Soft skills relating to social harmony and conflict resolution will be the theme of a one-day workshop for this year’s university entrants.
The workshop is part of a three-month pre-orientation programme (POP) that new entrants will be following in the next 12 weeks before they start attending lectures in October. The pre-orientation follows the conclusion of a three-week leadership training, which ends today.
This year’s university entrants are the first batch of tertiary-level students to be given such a training, which was conducted at military camps around the country. The three-week leadership training and the three-month pre-orientation are initiatives of the Ministry of Higher Education.
The 12-week pre-orientation, which begins in July, will include special courses in English and Information Technology, as well as nature education. Students will follow the courses in their respective districts.
The mandatory one-day workshop on social harmony and conflict resolution will be conducted by local academics. The trainers were trained by experts from the University of Columbia, US.
“Issues and conflicts at university campuses result from a lack of knowledge in conflict resolution and social harmony,” Dr. Yasantha Mapatuna, adviser to the Ministry of Higher Education, told the Sunday Times. “We decided to include this component, which will be open to new entrants as well as selected senior students.” The English module has been put together by the English Language Teaching Units (ELTUs) of the Sri Lankan universities, with the British Council acting as moderator. The IT course has been created by the School of Computing, of the University of Colombo.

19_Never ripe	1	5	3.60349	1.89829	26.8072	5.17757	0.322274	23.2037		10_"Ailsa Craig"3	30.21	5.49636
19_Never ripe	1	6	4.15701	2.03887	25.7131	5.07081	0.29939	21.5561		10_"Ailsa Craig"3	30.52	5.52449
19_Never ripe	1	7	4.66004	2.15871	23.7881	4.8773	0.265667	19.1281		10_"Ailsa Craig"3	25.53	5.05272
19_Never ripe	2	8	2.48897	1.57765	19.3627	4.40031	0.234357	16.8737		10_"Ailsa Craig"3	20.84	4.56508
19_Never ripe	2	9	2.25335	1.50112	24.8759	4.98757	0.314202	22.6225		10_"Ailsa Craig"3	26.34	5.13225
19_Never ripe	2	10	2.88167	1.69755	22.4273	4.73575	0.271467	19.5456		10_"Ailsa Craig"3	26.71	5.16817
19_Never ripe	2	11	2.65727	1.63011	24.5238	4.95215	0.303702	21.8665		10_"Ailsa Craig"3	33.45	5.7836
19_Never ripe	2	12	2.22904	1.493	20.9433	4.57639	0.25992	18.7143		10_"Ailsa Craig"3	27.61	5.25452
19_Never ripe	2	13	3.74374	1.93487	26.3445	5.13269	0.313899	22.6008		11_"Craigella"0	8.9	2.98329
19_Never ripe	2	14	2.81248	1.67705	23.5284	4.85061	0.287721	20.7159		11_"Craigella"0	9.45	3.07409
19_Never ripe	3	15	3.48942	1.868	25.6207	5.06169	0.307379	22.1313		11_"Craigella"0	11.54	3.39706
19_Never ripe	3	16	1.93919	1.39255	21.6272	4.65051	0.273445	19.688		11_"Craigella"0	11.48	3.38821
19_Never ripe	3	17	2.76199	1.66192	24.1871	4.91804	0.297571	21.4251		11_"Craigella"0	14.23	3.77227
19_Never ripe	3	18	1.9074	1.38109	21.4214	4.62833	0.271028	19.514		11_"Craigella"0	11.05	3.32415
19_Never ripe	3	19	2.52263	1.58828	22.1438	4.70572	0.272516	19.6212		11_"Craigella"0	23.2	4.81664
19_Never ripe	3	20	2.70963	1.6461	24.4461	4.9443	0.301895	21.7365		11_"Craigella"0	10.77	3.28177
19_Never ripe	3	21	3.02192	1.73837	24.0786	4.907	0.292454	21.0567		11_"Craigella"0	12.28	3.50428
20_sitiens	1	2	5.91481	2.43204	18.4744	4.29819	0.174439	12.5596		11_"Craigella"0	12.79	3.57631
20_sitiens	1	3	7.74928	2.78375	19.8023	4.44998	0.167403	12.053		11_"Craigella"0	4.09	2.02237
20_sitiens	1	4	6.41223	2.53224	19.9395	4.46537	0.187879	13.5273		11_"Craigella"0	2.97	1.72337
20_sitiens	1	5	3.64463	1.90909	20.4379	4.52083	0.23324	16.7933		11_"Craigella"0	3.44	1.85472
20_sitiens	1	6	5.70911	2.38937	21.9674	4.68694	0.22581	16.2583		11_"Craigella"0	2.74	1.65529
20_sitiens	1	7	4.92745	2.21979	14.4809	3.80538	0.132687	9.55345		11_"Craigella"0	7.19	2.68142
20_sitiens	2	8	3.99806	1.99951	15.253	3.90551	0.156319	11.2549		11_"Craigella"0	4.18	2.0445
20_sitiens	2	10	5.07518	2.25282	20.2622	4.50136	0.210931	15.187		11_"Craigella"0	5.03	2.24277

The English and IT courses will be held at regional IT centres, and 28 National Online Distance Education Service (NODES) centres, under the Ministry of Higher Education, and 135 school IT centres, under the Ministry of Education. The English component will be conducted in lecture halls and classrooms belonging to these centres.
The students will learn from extending a welcome to making introductions, and giving and receiving information. They will also be trained in conducting telephone conversations, public speaking, note taking, and facing interviews.
“At the end of the programme, the student will be given a test in English. Those who fail to reach a required level will be given facilities to study English online, through a scholarship programme provided by the US government,” Dr. Mapatuna said. She said students who completed the IT component will receive a “Computer Driving License.”
Dr. Nihal Dayawansa, National Coordinator of the Pre-Orientation Programme, said there will be a compulsory online placement test for university entrants, and those who score below the required level will have to follow the English course.
Students who have completed their leadership training will be notified next week about the venue and date for the placement test.